On a sidenote, thanks Feodor for reminding me about Will Campbells "The Glad River"...I read it up again...amazing how much more it means with a few years of wisings in the rearview mirror...I even ordered another one by him...one bout the dragonfly you refereed me to...even if you didnt fancy that one, I thinks you might like TGR a bit better.
BTW Rudy, you gotta read TGR... the main character is an boneyfied erudified redneck...this time thru, all I kept thinkin is that this guy is YOU...he's even a magazine editor by the end...aint that sorta like the taters you dig?
About Will D. Campbell: "He was the late cartoonist Doug Marlette's inspiration for the character 'Will B. Dunn' in his comic strip, Kudzu."
SOLD!!! I LOVE that cartoon. "Minister to the fabulously well-to-do," indeed. Beautiful daughter Veranda, indeed! Wonderful mem'ries struck there, Doc Bill. :-)
I loved Dragonfly; it was Providence that didn't work as well. I will get a copy of The Glad River.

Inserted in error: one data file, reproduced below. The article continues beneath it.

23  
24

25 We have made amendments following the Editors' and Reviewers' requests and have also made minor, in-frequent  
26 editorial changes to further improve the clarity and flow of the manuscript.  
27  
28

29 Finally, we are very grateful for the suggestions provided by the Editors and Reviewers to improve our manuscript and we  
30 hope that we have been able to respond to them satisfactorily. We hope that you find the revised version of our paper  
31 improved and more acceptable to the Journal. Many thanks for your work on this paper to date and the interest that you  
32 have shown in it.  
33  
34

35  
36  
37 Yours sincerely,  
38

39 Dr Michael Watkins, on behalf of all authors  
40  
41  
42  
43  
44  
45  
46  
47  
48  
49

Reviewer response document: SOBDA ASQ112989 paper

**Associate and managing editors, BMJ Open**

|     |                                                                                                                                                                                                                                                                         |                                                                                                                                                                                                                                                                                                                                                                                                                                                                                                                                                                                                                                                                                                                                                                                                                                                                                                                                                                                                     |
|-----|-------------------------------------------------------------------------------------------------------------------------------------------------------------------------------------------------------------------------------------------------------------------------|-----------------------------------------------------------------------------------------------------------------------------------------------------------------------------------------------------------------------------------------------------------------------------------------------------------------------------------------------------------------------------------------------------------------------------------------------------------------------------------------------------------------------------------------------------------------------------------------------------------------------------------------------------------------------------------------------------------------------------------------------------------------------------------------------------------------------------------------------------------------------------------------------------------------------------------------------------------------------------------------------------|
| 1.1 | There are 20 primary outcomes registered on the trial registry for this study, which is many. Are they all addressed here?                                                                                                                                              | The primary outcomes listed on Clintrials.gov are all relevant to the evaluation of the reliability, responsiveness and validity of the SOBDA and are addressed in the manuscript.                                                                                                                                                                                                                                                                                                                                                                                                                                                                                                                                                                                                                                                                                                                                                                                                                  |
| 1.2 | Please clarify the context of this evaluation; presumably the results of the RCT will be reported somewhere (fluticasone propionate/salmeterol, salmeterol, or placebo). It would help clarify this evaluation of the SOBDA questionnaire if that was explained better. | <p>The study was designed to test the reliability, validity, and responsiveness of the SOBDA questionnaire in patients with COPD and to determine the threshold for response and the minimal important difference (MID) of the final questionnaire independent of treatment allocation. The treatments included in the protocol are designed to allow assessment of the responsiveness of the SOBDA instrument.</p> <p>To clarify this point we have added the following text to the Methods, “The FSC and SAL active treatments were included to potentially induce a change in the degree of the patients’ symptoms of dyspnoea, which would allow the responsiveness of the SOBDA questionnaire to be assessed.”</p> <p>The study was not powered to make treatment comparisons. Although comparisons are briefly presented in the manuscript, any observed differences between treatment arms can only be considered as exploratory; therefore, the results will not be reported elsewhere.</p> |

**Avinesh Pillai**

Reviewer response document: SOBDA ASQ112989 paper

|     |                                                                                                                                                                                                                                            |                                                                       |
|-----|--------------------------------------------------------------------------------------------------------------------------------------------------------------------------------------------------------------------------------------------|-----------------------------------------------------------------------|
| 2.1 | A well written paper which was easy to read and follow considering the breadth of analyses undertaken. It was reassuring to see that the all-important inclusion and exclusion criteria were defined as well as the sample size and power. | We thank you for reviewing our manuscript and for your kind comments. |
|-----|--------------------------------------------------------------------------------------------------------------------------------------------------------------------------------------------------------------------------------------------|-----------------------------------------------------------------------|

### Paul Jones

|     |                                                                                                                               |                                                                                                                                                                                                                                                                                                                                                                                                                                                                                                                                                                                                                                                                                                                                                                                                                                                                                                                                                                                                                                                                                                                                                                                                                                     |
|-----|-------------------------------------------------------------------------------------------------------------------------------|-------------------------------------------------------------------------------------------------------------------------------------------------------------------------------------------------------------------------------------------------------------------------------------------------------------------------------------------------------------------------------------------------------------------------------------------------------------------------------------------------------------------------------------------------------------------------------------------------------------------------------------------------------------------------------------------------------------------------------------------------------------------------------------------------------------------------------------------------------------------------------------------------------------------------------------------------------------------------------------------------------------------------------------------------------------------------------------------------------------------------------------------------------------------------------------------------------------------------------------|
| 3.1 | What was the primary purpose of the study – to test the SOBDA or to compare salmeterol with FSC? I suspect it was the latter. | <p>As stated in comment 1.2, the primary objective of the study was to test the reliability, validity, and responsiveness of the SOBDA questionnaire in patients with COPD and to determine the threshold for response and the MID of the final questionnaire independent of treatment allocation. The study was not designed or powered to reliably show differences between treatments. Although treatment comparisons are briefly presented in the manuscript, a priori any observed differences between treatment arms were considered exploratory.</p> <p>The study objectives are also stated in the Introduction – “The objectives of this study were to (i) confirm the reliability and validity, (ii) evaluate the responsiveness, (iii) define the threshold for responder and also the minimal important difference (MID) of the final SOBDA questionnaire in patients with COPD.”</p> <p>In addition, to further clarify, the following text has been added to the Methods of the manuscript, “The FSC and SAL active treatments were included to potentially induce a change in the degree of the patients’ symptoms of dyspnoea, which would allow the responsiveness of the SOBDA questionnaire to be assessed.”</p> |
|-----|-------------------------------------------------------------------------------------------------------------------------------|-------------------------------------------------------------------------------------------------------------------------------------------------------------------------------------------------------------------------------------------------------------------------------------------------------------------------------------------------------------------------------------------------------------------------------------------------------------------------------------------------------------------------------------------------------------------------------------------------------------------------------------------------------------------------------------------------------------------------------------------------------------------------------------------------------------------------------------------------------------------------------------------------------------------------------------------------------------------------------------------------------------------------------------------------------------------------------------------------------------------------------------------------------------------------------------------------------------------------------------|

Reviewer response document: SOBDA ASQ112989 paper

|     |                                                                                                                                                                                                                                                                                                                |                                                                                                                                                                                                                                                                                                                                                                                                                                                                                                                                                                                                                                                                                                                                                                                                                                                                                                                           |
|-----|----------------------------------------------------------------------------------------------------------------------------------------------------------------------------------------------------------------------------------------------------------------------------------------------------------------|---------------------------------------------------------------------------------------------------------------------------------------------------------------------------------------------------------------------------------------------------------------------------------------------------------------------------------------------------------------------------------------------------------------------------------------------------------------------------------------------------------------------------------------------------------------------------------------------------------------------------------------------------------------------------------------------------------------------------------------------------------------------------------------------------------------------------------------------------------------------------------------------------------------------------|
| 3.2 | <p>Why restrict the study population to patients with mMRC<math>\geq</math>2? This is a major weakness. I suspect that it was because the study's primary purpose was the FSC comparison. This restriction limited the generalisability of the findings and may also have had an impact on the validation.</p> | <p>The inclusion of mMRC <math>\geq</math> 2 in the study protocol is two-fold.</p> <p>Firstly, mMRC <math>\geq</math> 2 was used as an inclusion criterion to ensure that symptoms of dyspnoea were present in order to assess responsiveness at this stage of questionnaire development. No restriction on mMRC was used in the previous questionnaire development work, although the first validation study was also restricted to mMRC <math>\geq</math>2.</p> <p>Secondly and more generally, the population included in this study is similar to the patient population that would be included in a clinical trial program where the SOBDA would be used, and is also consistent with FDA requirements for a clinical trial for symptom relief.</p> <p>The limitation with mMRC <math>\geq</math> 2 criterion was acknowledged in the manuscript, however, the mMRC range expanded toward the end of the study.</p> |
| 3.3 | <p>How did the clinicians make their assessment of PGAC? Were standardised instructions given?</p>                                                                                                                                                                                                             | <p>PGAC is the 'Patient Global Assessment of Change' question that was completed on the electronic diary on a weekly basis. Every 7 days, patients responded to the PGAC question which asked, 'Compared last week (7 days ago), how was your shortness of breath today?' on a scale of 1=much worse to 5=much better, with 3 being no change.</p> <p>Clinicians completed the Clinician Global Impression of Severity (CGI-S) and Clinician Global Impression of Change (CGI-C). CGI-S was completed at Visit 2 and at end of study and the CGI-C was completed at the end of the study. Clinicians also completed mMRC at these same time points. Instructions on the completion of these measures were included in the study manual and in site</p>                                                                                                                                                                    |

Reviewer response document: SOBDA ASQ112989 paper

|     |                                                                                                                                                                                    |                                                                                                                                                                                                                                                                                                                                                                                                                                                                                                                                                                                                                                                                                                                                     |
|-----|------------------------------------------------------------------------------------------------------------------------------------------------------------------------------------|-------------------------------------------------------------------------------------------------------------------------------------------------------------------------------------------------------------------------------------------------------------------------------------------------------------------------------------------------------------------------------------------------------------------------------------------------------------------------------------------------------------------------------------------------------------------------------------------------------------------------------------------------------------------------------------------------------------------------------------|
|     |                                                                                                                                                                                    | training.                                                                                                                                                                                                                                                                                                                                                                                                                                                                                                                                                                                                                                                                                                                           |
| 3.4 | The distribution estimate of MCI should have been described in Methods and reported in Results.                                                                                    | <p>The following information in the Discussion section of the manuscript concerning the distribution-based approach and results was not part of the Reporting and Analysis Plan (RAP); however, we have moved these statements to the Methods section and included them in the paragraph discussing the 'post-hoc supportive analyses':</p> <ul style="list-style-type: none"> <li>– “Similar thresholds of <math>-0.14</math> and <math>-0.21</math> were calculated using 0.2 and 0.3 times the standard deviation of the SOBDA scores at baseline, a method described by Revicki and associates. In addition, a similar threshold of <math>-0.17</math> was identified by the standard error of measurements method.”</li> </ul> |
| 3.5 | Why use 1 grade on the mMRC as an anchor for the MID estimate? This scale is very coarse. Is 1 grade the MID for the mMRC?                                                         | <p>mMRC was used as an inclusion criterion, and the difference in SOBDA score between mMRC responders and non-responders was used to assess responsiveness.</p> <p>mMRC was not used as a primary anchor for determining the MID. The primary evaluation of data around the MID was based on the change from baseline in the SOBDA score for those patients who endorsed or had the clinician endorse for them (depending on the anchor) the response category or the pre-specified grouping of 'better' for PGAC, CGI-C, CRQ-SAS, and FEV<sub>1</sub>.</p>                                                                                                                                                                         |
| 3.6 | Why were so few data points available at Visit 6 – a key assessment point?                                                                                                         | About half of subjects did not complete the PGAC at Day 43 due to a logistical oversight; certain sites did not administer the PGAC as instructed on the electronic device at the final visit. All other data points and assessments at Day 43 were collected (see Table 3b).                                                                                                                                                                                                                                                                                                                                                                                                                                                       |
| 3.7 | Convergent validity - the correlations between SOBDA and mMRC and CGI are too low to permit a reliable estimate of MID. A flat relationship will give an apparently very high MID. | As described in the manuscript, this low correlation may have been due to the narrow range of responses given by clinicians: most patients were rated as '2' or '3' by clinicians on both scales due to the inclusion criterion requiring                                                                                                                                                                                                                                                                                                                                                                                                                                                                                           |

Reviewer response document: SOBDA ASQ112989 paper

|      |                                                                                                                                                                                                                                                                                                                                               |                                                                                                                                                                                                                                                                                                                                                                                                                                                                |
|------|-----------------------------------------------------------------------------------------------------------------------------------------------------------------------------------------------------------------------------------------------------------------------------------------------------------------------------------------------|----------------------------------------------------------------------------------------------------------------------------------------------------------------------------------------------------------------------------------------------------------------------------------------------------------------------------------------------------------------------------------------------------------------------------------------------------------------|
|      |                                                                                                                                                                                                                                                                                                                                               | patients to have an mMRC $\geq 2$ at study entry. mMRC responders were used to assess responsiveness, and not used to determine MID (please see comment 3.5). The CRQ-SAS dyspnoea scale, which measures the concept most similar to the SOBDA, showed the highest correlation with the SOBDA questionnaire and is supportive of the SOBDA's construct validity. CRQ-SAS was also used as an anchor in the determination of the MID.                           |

Yeah, I think of the 25 as a foundation from which you can both read the source material and synthesize everything else for the rest of your life letting it all form you as you will.
I also agree with GKS, reading 20th century theology also implies getting to know Kant, Hegel, Marx, Freud, Weber, primarily, and, in some cases Wittgenstein, eventually the Frankfort School theorists, Foucault, Rawls, and Rorty.
As for ancients, Plato and Plotinus.
OK, my list will probably differ a lot from those already here, because they are more pastoral in nature, and less scholarly. Some might disagree with that assessment, but I don't believe seminary should be turning out that many scholars. We need more true pastors. But you didn't ask for that.